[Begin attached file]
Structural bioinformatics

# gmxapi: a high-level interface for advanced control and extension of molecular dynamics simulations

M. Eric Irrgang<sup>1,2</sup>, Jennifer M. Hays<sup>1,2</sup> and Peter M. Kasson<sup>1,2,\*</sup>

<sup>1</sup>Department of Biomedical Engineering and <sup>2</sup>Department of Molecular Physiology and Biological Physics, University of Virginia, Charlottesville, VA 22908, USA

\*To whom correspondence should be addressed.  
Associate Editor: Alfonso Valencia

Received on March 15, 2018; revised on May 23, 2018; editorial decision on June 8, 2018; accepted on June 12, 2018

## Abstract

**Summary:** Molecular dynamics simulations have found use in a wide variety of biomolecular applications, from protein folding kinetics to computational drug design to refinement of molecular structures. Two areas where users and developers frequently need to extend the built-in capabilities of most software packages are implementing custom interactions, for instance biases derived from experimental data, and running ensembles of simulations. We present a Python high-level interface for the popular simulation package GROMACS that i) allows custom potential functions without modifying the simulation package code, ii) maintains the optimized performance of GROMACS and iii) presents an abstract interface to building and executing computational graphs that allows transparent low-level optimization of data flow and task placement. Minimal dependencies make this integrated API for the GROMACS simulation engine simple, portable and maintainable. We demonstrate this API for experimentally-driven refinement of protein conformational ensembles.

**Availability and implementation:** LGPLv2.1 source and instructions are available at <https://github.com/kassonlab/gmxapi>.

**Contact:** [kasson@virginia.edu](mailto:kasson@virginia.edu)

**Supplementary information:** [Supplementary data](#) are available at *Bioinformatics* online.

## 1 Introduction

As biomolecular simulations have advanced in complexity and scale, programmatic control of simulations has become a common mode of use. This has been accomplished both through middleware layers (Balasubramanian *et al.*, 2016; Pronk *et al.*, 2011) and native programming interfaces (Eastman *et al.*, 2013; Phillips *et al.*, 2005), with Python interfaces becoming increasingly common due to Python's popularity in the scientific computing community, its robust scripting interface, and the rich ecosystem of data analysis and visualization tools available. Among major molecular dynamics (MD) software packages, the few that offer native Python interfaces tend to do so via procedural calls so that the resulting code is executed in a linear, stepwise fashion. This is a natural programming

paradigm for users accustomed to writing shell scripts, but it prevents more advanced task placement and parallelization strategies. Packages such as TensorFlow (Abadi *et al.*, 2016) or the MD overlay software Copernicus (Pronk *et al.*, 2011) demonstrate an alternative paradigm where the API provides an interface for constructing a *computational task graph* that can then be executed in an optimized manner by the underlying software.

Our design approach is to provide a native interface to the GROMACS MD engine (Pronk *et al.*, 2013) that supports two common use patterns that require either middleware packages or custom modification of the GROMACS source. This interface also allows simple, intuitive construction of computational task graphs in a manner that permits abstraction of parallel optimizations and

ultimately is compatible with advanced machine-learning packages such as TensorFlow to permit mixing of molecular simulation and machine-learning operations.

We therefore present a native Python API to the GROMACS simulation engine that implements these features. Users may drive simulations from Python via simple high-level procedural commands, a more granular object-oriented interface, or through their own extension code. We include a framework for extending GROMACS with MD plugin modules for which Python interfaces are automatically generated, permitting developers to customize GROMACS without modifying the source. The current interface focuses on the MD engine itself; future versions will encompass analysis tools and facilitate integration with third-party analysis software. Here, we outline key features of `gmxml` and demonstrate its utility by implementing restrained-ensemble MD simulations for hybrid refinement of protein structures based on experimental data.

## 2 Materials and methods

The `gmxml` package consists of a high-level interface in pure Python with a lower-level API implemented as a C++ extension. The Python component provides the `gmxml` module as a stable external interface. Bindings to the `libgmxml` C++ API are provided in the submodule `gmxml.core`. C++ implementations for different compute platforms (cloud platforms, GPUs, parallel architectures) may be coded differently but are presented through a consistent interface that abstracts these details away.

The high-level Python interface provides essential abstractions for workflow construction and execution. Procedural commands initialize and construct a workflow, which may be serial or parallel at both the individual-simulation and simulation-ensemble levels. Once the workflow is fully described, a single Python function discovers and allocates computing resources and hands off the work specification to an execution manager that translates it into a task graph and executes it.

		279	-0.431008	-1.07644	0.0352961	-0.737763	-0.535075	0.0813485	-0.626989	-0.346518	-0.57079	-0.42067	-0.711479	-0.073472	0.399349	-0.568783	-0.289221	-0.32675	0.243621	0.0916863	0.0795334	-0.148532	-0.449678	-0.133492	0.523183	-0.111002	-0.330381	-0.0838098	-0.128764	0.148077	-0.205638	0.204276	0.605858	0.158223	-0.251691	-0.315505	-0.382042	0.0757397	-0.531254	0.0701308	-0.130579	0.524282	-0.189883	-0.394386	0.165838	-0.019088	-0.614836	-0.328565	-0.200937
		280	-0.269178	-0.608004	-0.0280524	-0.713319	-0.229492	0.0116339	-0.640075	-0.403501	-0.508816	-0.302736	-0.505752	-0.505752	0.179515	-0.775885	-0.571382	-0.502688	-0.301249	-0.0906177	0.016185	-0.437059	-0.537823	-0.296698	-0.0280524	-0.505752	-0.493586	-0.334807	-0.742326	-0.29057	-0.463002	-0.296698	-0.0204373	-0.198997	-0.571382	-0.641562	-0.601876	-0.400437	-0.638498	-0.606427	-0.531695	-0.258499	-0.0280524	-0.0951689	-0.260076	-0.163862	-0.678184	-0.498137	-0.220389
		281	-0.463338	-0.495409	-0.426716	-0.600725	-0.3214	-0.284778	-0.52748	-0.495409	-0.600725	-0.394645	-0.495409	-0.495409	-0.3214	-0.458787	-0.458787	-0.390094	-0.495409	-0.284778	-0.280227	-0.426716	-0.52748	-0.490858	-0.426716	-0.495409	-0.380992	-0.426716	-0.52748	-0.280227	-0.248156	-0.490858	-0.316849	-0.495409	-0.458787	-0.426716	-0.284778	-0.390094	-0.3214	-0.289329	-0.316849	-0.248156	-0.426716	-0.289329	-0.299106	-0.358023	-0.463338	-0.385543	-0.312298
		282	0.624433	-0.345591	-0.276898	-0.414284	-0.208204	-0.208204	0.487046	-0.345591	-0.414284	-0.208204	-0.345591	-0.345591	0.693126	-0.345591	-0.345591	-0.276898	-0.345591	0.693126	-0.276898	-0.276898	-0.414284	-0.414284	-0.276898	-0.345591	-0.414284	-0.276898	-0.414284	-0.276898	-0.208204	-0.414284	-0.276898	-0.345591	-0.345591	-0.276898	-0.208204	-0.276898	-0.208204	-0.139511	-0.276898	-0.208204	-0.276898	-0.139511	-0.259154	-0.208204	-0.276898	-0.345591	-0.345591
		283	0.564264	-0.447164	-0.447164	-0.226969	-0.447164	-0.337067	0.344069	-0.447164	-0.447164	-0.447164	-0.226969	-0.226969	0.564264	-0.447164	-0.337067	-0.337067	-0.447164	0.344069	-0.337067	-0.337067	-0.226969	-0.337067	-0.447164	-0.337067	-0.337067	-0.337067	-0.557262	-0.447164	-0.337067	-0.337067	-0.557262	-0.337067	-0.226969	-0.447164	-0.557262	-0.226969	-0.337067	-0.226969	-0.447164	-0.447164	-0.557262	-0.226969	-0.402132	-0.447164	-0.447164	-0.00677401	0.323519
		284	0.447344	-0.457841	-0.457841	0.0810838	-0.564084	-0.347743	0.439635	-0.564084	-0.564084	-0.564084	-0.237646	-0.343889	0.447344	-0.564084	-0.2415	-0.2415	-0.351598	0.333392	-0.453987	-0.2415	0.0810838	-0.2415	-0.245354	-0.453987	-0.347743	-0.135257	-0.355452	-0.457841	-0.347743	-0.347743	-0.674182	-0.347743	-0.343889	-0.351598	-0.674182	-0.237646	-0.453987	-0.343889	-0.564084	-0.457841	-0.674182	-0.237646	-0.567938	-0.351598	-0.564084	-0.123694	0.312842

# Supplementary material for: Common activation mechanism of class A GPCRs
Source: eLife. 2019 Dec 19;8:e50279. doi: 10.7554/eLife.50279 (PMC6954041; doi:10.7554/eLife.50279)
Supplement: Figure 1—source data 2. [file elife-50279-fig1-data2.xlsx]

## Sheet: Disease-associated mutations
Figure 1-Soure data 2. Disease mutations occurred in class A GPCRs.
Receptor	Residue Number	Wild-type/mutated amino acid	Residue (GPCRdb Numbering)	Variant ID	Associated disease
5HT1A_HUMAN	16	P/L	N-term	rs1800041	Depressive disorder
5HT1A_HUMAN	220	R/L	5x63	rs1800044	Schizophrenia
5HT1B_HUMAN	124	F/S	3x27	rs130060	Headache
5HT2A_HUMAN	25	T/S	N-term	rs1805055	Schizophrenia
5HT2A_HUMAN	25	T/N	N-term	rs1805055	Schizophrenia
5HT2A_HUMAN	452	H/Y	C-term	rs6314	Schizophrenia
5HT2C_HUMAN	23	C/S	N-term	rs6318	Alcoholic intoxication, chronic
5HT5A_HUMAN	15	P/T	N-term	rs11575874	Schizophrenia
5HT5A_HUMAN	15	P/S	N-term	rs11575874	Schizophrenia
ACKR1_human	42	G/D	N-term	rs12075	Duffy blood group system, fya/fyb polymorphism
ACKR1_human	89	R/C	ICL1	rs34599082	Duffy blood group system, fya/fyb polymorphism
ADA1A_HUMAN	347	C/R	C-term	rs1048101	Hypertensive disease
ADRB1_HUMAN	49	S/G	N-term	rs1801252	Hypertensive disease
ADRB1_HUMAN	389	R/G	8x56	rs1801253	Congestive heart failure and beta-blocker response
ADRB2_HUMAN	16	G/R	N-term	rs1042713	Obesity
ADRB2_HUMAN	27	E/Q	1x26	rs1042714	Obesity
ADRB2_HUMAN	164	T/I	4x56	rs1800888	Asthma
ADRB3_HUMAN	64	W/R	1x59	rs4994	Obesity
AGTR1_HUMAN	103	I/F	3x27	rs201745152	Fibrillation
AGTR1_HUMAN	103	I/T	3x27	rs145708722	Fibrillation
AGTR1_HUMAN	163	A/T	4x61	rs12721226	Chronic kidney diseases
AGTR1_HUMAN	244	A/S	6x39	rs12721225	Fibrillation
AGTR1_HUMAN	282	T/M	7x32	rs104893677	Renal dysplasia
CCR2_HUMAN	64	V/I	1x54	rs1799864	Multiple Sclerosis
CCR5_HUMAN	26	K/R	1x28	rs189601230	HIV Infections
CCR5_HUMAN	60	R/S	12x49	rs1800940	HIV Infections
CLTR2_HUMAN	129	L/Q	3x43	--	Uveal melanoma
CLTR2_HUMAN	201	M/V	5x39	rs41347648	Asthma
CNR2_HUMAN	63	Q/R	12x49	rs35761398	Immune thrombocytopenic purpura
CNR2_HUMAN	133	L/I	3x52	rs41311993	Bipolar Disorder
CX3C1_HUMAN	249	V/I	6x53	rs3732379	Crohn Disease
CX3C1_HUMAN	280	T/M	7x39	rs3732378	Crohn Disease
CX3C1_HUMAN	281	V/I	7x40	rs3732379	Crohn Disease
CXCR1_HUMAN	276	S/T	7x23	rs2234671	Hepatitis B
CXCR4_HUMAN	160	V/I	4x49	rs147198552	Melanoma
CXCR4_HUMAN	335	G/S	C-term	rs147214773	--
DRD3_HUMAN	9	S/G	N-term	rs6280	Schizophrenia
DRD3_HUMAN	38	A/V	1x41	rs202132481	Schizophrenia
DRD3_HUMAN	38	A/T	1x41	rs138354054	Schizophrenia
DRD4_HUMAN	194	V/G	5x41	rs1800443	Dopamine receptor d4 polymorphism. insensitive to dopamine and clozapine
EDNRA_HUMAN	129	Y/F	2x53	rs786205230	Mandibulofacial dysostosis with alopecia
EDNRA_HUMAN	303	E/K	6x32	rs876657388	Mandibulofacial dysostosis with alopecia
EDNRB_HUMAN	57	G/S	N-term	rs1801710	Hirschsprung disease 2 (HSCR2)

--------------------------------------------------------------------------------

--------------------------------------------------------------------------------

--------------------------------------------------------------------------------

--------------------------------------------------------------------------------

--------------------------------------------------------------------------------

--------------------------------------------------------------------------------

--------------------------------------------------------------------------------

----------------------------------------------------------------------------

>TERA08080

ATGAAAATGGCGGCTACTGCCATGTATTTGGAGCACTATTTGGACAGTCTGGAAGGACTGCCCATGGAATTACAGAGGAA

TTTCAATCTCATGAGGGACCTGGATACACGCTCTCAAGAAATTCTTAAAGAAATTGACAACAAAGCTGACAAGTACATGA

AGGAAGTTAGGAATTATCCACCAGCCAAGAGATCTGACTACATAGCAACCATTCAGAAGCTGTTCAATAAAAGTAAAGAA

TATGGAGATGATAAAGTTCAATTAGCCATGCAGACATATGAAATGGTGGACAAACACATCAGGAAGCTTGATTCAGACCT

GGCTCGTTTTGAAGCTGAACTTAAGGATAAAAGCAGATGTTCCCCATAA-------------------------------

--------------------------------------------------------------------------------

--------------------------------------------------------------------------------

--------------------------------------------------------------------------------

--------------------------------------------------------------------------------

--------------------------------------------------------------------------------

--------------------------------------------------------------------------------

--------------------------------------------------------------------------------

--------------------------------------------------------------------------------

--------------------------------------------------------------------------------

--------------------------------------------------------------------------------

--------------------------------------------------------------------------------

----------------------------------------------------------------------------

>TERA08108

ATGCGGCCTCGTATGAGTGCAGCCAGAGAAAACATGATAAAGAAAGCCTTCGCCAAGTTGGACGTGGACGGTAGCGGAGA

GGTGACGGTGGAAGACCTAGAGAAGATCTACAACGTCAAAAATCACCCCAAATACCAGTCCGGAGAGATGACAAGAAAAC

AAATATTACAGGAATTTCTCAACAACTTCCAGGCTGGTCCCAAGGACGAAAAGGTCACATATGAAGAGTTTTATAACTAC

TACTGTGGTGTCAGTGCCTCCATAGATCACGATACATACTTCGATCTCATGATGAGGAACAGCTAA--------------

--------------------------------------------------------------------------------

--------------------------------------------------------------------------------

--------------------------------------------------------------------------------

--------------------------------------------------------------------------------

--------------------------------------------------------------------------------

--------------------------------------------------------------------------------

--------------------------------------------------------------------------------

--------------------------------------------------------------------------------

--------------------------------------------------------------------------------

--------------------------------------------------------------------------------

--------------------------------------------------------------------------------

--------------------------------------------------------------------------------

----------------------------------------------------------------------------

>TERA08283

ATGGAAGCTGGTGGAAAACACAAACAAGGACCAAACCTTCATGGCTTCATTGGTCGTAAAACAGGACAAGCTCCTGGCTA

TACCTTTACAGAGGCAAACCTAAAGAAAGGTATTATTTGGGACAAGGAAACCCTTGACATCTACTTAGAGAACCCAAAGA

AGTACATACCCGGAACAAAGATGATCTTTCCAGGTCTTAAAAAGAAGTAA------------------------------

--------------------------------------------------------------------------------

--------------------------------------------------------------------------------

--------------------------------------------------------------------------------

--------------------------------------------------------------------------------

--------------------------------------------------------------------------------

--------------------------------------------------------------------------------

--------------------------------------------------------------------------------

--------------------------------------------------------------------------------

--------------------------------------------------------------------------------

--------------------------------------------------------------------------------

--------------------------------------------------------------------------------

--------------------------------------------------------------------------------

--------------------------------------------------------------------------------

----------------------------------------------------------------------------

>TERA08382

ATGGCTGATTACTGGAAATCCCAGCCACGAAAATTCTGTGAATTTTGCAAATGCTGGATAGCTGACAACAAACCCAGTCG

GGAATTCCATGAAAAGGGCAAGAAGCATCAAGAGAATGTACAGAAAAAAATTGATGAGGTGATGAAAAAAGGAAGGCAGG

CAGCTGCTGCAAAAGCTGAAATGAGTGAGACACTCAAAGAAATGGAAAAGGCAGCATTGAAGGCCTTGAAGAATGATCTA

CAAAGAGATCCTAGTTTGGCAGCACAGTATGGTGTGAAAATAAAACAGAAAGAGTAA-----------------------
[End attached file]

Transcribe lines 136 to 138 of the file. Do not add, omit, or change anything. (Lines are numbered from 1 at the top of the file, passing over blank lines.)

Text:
--------------------------------------------------------------------------------

--------------------------------------------------------------------------------

----------------------------------------------------------------------------